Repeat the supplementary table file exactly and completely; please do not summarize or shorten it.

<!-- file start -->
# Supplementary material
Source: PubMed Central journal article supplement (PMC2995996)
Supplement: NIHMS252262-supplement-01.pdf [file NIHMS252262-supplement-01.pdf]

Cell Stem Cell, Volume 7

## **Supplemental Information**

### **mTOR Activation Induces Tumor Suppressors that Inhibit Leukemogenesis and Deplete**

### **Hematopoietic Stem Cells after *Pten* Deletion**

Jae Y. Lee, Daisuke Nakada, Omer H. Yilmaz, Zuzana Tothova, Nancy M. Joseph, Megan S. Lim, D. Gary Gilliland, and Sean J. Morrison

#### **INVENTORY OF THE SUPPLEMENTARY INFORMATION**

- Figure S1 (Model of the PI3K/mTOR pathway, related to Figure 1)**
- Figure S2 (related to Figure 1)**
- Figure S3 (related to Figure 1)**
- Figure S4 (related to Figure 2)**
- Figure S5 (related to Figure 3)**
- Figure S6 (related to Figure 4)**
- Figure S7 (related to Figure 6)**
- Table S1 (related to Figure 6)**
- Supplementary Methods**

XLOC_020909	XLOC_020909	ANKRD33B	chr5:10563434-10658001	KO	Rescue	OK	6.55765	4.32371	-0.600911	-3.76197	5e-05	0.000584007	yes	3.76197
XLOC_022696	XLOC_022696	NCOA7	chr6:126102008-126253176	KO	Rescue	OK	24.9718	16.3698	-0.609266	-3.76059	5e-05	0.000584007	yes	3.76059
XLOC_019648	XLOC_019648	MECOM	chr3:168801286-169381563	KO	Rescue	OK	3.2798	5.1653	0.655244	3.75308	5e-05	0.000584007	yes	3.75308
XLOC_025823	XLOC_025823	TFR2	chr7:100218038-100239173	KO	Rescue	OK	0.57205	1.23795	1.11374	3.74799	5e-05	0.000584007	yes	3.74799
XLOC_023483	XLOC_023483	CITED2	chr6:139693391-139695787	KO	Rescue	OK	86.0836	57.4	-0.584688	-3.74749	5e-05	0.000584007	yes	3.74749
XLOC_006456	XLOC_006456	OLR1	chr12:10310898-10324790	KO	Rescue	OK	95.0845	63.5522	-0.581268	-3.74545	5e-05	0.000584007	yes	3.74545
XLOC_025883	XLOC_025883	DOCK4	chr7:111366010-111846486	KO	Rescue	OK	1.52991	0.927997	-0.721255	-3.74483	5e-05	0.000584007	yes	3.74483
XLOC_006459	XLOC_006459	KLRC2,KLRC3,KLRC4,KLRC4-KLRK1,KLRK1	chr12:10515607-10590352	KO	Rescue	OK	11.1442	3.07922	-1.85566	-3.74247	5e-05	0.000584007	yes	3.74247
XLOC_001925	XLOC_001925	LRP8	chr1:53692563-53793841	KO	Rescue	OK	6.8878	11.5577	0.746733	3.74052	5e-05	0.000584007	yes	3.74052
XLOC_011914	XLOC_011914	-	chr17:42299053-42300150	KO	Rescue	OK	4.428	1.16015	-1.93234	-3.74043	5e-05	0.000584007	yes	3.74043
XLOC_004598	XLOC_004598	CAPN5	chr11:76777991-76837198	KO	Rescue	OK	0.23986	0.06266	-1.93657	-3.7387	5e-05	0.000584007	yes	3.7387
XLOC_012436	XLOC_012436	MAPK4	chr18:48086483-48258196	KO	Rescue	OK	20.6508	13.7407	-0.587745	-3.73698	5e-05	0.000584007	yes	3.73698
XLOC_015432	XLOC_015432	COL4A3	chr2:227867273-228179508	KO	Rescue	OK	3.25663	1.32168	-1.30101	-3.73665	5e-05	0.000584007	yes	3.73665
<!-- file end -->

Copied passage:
# Supplementary material
Source: PubMed Central journal article supplement (PMC2995996)
Supplement: NIHMS252262-supplement-01.pdf [file NIHMS252262-supplement-01.pdf]

Cell Stem Cell, Volume 7

## **Supplemental Information**

### **mTOR Activation Induces Tumor Suppressors that Inhibit Leukemogenesis and Deplete**

### **Hematopoietic Stem Cells after *Pten* Deletion**

Jae Y. Lee, Daisuke Nakada, Omer H. Yilmaz, Zuzana Tothova, Nancy M. Joseph, Megan S. Lim, D. Gary Gilliland, and Sean J. Morrison

#### **INVENTORY OF THE SUPPLEMENTARY INFORMATION**

- Figure S1 (Model of the PI3K/mTOR pathway, related to Figure 1)**
- Figure S2 (related to Figure 1)**
- Figure S3 (related to Figure 1)**
- Figure S4 (related to Figure 2)**
- Figure S5 (related to Figure 3)**
- Figure S6 (related to Figure 4)**
- Figure S7 (related to Figure 6)**
- Table S1 (related to Figure 6)**
- Supplementary Methods**

XLOC_020909	XLOC_020909	ANKRD33B	chr5:10563434-10658001	KO	Rescue	OK	6.55765	4.32371	-0.600911	-3.76197	5e-05	0.000584007	yes	3.76197
XLOC_022696	XLOC_022696	NCOA7	chr6:126102008-126253176	KO	Rescue	OK	24.9718	16.3698	-0.609266	-3.76059	5e-05	0.000584007	yes	3.76059
XLOC_019648	XLOC_019648	MECOM	chr3:168801286-169381563	KO	Rescue	OK	3.2798	5.1653	0.655244	3.75308	5e-05	0.000584007	yes	3.75308
XLOC_025823	XLOC_025823	TFR2	chr7:100218038-100239173	KO	Rescue	OK	0.57205	1.23795	1.11374	3.74799	5e-05	0.000584007	yes	3.74799
XLOC_023483	XLOC_023483	CITED2	chr6:139693391-139695787	KO	Rescue	OK	86.0836	57.4	-0.584688	-3.74749	5e-05	0.000584007	yes	3.74749
XLOC_006456	XLOC_006456	OLR1	chr12:10310898-10324790	KO	Rescue	OK	95.0845	63.5522	-0.581268	-3.74545	5e-05	0.000584007	yes	3.74545
XLOC_025883	XLOC_025883	DOCK4	chr7:111366010-111846486	KO	Rescue	OK	1.52991	0.927997	-0.721255	-3.74483	5e-05	0.000584007	yes	3.74483
XLOC_006459	XLOC_006459	KLRC2,KLRC3,KLRC4,KLRC4-KLRK1,KLRK1	chr12:10515607-10590352	KO	Rescue	OK	11.1442	3.07922	-1.85566	-3.74247	5e-05	0.000584007	yes	3.74247
XLOC_001925	XLOC_001925	LRP8	chr1:53692563-53793841	KO	Rescue	OK	6.8878	11.5577	0.746733	3.74052	5e-05	0.000584007	yes	3.74052
XLOC_011914	XLOC_011914	-	chr17:42299053-42300150	KO	Rescue	OK	4.428	1.16015	-1.93234	-3.74043	5e-05	0.000584007	yes	3.74043
XLOC_004598	XLOC_004598	CAPN5	chr11:76777991-76837198	KO	Rescue	OK	0.23986	0.06266	-1.93657	-3.7387	5e-05	0.000584007	yes	3.7387
XLOC_012436	XLOC_012436	MAPK4	chr18:48086483-48258196	KO	Rescue	OK	20.6508	13.7407	-0.587745	-3.73698	5e-05	0.000584007	yes	3.73698
XLOC_015432	XLOC_015432	COL4A3	chr2:227867273-228179508	KO	Rescue	OK	3.25663	1.32168	-1.30101	-3.73665	5e-05	0.000584007	yes	3.73665